Music

FESTIVE FEASTS

Hard beats from an open mind

by Jeff Hammond

An unspoken hero of dance music will unpack his box of tricks in Tokyo this week.

As a young British producer in early 1980s Berlin, David Harrow produced some seminal industrial/new wave records with the poet Anne Clarke. After his return to London he hooked up with Psychic TV and also joined Jah Wobble’s Invaders of The Heart. Through Wobble, he became involved in that hotbed of dub experimentation, On-U Sound, working as programmer on many projects and playing keyboard with African Head Charge, Dub Syndicate and others. In the mid-’90s he released music on Andrew Weatherall’s Sabres label and the two were soon producing bent electro together as Bloodsugar.

Jazz, electro, drum ‘n’ bass, breakbeat . . . There are few styles in dance music he hasn’t tried, but for Harrow, “It’s all good! It’s just different tempos. . . . It’s all about leaving space in the music, keeping it all simple and just letting the music breath.” Turning his attention to jazzy drum ‘n’ bass in the mid-90s, he sought an alias in order to reinvent himself and chose James Hardway, “because an old friend said I went about things ‘the hard way’ and it stuck.”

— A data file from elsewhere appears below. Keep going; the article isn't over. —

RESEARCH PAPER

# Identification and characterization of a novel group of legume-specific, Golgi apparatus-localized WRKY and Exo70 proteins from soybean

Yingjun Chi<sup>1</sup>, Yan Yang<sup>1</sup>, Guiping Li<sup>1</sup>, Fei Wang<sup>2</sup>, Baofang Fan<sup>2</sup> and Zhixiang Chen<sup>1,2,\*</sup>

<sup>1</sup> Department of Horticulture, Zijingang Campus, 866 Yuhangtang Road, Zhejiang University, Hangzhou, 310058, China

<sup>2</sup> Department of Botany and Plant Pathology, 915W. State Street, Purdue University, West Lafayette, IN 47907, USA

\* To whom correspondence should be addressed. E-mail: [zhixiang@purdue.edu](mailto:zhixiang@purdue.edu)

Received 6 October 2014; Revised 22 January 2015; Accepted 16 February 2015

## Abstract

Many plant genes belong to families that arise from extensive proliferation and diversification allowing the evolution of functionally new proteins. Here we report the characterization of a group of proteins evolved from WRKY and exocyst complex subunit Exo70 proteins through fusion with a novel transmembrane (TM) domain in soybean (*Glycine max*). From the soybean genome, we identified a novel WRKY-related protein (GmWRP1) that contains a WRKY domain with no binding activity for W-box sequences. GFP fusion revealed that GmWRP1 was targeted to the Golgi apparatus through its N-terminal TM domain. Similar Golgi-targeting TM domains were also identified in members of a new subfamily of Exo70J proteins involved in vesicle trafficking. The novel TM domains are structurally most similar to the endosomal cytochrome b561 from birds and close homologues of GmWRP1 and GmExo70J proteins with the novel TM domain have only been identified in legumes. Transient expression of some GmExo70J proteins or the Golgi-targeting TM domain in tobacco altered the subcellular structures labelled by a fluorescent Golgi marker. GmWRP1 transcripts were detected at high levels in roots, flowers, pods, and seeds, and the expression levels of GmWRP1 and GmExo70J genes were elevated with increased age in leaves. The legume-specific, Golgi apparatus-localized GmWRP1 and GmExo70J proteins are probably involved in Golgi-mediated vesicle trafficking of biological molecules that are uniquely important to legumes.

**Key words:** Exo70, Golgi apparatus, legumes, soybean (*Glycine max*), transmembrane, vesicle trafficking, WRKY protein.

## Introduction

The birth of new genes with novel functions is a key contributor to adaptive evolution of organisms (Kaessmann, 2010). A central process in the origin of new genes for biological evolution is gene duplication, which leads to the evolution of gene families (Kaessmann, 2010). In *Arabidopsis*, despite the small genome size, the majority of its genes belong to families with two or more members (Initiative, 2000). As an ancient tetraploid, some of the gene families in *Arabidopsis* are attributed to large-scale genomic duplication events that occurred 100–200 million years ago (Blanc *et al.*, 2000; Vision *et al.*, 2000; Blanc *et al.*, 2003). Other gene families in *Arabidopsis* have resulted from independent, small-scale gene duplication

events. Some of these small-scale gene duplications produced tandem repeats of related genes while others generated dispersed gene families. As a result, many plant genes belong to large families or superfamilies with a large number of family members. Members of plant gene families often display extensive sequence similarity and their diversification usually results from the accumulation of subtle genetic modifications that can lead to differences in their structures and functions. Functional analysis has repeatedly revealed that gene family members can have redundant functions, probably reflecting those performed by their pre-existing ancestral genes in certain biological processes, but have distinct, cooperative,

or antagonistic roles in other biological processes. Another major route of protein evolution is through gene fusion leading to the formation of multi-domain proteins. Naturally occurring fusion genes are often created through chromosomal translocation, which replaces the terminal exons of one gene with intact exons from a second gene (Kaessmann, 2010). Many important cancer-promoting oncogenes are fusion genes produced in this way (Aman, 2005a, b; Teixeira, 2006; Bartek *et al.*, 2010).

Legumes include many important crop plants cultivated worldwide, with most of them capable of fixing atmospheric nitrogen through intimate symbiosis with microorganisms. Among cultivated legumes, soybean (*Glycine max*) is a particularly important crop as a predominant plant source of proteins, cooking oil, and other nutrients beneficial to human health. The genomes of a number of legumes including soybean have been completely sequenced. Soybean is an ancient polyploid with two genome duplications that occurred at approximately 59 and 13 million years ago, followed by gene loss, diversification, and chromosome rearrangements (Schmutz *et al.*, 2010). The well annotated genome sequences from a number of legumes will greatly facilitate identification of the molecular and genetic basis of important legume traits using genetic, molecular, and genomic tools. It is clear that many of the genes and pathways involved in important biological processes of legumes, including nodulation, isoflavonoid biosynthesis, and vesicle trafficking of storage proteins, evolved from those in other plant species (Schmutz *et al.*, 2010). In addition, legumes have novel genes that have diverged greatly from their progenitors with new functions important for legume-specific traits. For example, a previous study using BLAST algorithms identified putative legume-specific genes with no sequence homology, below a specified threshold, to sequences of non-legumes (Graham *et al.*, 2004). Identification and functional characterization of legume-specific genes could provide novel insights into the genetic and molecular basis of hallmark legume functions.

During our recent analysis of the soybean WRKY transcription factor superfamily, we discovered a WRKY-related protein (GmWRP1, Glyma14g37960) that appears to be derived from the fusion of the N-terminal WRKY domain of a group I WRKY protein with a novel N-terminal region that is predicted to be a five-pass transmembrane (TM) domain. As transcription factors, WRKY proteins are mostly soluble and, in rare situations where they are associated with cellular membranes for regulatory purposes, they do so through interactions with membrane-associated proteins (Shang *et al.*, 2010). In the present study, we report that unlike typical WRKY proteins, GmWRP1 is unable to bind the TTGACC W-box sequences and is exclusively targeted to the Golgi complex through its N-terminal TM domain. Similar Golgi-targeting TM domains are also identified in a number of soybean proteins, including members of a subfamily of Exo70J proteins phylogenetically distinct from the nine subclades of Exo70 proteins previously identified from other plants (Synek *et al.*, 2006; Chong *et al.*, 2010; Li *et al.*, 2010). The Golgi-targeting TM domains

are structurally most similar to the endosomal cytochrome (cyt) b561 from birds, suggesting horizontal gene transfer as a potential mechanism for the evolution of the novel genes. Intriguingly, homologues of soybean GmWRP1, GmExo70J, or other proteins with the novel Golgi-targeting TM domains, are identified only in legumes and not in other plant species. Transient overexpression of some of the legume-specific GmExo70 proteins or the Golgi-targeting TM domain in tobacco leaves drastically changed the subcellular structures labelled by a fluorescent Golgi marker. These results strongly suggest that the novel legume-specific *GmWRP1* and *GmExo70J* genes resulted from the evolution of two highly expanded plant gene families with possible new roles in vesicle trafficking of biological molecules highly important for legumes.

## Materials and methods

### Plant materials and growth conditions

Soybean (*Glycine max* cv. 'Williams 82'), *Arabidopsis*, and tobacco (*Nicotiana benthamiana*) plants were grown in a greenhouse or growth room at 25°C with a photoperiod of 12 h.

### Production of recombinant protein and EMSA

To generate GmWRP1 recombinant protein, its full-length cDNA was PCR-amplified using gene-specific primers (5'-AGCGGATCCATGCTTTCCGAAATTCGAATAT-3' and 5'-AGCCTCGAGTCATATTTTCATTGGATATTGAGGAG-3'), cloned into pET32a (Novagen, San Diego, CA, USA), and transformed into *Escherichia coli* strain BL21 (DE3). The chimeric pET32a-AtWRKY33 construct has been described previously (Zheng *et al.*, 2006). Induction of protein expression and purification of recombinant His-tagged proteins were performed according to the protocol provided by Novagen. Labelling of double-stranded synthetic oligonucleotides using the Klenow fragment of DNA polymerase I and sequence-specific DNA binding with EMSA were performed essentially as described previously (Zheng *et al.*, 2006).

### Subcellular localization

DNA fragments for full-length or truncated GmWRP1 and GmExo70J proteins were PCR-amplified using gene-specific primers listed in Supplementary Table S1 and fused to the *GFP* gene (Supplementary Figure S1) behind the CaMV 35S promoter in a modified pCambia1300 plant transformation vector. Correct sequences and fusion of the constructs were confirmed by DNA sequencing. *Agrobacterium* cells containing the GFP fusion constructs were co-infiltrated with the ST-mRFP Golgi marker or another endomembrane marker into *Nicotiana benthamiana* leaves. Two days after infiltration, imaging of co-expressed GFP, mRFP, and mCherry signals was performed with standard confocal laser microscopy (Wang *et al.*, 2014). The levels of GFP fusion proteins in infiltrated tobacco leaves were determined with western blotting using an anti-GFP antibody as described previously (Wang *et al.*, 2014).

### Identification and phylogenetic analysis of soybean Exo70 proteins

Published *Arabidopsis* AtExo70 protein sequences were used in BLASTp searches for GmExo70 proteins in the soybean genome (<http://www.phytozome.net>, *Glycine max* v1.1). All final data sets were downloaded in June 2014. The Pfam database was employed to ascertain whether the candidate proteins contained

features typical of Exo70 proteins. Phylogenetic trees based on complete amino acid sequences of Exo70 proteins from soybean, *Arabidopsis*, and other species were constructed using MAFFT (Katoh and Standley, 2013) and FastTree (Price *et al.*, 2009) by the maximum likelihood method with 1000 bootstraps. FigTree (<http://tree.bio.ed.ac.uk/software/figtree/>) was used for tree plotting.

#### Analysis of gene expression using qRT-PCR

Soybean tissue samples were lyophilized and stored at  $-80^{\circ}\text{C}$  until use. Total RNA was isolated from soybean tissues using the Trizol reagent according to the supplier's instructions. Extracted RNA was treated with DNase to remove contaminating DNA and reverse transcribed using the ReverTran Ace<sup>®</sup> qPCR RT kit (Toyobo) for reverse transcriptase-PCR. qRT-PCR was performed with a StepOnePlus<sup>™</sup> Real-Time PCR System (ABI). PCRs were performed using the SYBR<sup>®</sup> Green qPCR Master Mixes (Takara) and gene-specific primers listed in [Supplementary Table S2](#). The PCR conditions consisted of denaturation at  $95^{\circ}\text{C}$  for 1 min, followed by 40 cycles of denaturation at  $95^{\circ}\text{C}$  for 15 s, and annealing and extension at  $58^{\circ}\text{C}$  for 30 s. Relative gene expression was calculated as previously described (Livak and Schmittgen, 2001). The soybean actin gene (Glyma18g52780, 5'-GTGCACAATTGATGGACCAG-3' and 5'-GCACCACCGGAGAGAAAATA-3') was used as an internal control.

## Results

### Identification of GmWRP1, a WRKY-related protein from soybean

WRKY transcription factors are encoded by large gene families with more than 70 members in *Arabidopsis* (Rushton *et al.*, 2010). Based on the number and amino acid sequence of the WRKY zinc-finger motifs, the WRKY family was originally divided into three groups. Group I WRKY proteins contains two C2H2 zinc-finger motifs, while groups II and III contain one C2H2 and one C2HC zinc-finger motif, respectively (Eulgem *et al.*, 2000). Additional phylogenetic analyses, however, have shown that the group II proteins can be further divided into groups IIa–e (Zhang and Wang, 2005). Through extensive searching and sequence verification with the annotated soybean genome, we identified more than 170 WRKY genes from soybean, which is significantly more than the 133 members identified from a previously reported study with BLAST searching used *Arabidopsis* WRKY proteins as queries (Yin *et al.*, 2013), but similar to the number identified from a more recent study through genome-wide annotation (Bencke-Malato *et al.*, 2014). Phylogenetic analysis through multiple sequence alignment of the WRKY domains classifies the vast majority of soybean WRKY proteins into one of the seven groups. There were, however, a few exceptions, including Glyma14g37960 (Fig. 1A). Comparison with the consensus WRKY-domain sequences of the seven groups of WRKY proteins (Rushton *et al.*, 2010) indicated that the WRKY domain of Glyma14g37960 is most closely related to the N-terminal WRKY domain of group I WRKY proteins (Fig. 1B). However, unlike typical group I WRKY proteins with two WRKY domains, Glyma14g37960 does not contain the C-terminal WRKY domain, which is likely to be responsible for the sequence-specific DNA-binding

While the rhythms on his new album, “Big Casino,” give a nod to the British club-jazz tradition and the recent broken-beat movement in particular, they also are armed with some Latin swing and even borrow a few influences from ’60s/’70s film soundtracks. The album further indulges his penchant for mainly using female vocals.

Although unable to bring over the whole crew, he’ll DJ and use his laptop. “It took a long time to find two vocalists that work together so well as J.B. Rose and Ghetto Priest and I hope to bring them out to Japan to perform later this year,” he says.

Even though music has taken him all round the world, he still has a soft spot for Japan. “I do have fond memories of trips to Japan, especially performing with Lee Perry. Mr Perry on the bullet train eating an ice cream with Mount Fuji in the distance. . . . I didn’t need a camera; I have these images etched in my brain.”